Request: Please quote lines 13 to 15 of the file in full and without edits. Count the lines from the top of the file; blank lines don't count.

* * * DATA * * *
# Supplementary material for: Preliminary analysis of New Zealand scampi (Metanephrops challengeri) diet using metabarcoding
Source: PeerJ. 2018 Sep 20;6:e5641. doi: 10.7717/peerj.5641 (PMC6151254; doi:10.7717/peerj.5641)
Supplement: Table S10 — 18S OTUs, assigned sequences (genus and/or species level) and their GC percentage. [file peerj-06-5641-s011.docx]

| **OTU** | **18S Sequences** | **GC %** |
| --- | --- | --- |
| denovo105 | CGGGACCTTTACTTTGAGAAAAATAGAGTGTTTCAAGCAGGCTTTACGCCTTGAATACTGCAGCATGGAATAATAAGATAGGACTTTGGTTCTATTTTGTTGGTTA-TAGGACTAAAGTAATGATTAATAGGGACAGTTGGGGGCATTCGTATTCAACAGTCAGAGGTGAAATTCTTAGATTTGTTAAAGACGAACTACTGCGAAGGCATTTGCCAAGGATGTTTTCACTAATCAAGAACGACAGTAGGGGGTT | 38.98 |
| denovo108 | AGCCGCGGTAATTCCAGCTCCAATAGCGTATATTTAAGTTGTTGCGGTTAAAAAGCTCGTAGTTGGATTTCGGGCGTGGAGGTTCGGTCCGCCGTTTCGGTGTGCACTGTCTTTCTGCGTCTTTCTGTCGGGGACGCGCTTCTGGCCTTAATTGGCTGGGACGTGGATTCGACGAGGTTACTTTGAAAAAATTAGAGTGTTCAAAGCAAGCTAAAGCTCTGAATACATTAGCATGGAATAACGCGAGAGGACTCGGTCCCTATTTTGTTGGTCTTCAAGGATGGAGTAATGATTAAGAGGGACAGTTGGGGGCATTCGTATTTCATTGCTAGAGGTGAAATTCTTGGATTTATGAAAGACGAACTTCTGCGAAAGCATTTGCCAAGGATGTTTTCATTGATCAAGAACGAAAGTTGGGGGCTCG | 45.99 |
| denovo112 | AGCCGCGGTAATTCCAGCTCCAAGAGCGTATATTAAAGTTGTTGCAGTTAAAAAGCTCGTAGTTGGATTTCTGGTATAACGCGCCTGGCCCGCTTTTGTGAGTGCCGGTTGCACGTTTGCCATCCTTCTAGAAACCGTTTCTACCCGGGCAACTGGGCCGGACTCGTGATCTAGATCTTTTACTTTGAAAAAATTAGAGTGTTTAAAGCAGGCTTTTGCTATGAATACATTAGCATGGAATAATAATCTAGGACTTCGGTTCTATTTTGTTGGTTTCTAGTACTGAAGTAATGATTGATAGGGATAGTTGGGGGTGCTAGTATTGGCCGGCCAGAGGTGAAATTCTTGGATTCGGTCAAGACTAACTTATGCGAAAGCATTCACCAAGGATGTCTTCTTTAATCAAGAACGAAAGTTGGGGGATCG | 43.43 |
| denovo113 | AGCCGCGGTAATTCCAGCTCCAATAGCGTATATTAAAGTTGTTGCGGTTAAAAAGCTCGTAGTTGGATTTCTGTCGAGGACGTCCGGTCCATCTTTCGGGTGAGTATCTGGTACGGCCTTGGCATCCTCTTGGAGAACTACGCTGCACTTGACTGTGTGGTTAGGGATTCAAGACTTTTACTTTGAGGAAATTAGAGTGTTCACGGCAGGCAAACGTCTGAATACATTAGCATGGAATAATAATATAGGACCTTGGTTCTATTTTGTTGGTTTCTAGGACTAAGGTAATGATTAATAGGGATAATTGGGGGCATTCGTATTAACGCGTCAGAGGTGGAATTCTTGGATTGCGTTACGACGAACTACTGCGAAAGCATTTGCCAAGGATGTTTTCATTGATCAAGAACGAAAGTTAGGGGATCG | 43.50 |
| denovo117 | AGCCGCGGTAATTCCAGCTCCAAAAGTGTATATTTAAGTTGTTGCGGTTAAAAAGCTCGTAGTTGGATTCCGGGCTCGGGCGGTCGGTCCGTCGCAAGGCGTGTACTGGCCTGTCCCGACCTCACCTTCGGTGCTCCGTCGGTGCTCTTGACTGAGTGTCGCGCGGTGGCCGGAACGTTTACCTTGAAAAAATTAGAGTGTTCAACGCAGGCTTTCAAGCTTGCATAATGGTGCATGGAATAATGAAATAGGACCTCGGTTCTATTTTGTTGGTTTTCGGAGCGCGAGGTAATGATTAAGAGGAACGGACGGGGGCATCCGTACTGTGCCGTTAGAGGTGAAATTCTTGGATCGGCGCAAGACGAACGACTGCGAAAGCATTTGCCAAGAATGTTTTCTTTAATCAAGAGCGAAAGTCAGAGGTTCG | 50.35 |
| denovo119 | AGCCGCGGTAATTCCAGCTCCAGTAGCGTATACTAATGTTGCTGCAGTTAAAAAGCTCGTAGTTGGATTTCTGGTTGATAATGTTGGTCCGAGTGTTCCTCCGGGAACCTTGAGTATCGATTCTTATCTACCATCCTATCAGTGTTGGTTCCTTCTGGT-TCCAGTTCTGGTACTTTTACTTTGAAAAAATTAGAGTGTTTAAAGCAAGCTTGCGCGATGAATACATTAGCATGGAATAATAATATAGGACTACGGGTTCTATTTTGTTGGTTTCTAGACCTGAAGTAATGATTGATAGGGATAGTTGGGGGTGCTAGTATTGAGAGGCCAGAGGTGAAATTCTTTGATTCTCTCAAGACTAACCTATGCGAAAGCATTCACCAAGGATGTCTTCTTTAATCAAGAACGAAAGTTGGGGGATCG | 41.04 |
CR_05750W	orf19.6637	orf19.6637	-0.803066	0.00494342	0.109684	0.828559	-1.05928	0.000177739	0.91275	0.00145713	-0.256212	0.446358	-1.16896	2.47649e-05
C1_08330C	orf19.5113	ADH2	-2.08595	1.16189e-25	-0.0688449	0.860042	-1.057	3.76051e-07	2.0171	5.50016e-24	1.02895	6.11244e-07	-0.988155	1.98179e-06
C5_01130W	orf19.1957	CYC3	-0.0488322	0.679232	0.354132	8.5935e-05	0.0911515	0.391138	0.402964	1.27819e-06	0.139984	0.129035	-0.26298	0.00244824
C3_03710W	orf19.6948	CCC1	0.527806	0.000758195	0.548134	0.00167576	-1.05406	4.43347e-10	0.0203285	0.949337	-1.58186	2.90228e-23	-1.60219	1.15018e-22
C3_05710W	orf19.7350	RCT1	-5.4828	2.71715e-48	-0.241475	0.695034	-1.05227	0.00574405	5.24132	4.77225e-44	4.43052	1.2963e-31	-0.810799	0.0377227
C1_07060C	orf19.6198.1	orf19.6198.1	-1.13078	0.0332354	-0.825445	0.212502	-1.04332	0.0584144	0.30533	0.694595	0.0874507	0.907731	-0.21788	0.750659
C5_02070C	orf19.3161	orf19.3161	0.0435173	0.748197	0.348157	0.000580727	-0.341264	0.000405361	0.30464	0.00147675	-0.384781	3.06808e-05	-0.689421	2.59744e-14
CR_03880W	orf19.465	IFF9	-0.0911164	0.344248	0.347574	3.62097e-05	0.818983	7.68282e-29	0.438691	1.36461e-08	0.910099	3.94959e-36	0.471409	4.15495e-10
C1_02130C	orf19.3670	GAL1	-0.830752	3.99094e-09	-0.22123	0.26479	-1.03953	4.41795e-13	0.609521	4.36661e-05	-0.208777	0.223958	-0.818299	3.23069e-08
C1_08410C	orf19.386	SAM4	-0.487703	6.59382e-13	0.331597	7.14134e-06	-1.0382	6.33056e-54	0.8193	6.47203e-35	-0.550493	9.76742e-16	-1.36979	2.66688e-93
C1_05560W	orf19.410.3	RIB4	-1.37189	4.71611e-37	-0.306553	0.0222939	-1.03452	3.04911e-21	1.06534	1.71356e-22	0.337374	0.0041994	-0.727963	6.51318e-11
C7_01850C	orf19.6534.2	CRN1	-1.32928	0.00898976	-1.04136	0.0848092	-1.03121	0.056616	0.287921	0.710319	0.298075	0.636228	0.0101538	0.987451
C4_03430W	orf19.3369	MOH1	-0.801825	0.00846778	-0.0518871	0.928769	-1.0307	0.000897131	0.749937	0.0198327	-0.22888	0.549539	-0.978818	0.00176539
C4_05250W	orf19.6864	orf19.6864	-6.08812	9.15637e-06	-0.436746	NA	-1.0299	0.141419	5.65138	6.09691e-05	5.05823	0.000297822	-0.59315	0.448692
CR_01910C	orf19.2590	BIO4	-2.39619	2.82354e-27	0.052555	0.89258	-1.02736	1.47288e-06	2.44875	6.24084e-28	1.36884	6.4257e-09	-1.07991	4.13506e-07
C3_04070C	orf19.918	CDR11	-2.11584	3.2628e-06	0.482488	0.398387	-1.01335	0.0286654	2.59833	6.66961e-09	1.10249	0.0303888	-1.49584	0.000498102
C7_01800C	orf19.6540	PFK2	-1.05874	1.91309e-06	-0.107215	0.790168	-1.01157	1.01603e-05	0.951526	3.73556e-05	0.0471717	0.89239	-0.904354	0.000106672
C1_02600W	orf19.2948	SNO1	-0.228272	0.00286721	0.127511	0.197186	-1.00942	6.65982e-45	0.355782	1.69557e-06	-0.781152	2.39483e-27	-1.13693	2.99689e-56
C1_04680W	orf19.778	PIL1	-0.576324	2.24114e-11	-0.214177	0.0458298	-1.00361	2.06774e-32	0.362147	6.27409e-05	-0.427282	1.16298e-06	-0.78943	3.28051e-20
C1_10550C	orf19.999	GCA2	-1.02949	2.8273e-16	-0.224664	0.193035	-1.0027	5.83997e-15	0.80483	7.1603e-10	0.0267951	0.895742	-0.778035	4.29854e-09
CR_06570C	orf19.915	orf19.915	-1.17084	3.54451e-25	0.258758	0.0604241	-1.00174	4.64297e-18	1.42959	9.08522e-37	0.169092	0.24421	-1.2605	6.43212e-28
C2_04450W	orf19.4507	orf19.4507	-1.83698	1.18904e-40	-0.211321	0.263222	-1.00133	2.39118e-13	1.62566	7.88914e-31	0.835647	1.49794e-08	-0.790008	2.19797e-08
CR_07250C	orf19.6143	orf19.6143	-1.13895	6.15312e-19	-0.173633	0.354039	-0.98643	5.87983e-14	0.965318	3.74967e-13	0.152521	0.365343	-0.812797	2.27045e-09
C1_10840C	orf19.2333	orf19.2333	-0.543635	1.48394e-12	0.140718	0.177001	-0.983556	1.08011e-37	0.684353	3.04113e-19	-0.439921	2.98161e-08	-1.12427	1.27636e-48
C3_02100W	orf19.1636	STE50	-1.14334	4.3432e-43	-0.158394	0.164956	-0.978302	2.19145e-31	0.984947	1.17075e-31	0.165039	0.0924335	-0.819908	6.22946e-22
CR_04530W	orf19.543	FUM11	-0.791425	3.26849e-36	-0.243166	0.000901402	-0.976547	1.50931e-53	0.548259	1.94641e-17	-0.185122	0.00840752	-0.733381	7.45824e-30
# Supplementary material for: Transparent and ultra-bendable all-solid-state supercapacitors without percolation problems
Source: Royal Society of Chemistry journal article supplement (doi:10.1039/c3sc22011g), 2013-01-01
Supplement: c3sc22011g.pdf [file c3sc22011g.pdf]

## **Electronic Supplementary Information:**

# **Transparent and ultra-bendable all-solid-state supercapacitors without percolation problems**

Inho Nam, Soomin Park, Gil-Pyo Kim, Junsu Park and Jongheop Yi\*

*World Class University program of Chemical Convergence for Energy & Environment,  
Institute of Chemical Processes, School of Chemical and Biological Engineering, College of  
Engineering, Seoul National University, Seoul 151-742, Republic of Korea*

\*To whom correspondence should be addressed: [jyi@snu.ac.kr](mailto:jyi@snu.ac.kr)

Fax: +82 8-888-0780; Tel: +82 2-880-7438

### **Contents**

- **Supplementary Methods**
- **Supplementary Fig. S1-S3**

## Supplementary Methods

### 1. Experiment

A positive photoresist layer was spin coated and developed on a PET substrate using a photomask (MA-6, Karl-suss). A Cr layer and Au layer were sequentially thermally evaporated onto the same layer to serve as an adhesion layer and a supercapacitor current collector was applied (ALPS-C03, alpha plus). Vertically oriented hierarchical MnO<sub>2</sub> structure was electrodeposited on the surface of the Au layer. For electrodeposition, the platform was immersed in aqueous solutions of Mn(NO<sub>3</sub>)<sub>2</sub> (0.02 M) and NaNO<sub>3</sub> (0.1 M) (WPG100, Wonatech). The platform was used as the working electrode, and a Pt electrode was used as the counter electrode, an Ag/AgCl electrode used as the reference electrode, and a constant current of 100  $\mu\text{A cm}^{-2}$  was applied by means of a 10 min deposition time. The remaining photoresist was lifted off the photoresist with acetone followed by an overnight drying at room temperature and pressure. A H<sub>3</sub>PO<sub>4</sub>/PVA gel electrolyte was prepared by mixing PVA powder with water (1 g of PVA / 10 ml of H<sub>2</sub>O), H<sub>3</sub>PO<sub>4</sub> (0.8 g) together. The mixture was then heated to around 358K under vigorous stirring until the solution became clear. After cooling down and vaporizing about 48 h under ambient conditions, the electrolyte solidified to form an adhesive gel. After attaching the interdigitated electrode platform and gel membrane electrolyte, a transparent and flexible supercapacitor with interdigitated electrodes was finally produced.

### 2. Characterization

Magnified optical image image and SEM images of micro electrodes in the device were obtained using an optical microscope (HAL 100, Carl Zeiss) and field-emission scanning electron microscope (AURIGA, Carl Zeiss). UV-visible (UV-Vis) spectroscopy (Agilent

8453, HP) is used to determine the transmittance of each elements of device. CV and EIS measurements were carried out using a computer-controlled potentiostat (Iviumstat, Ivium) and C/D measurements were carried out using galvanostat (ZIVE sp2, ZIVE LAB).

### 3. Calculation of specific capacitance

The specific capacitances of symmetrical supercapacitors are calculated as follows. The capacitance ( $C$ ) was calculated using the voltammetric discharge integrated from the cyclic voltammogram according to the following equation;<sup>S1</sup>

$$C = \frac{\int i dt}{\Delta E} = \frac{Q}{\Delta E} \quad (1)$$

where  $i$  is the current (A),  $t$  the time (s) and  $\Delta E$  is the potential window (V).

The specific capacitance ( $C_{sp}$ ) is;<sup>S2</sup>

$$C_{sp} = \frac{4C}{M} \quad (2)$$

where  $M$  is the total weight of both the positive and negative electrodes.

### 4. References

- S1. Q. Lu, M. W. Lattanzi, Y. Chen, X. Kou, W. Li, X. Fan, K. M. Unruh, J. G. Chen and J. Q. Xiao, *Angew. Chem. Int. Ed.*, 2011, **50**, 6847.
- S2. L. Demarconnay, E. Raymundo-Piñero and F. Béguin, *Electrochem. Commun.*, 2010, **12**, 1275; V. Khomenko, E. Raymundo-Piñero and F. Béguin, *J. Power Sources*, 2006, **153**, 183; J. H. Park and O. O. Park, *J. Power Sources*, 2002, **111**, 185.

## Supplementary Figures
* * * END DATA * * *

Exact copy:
C1_08330C	orf19.5113	ADH2	-2.08595	1.16189e-25	-0.0688449	0.860042	-1.057	3.76051e-07	2.0171	5.50016e-24	1.02895	6.11244e-07	-0.988155	1.98179e-06
C5_01130W	orf19.1957	CYC3	-0.0488322	0.679232	0.354132	8.5935e-05	0.0911515	0.391138	0.402964	1.27819e-06	0.139984	0.129035	-0.26298	0.00244824
C3_03710W	orf19.6948	CCC1	0.527806	0.000758195	0.548134	0.00167576	-1.05406	4.43347e-10	0.0203285	0.949337	-1.58186	2.90228e-23	-1.60219	1.15018e-22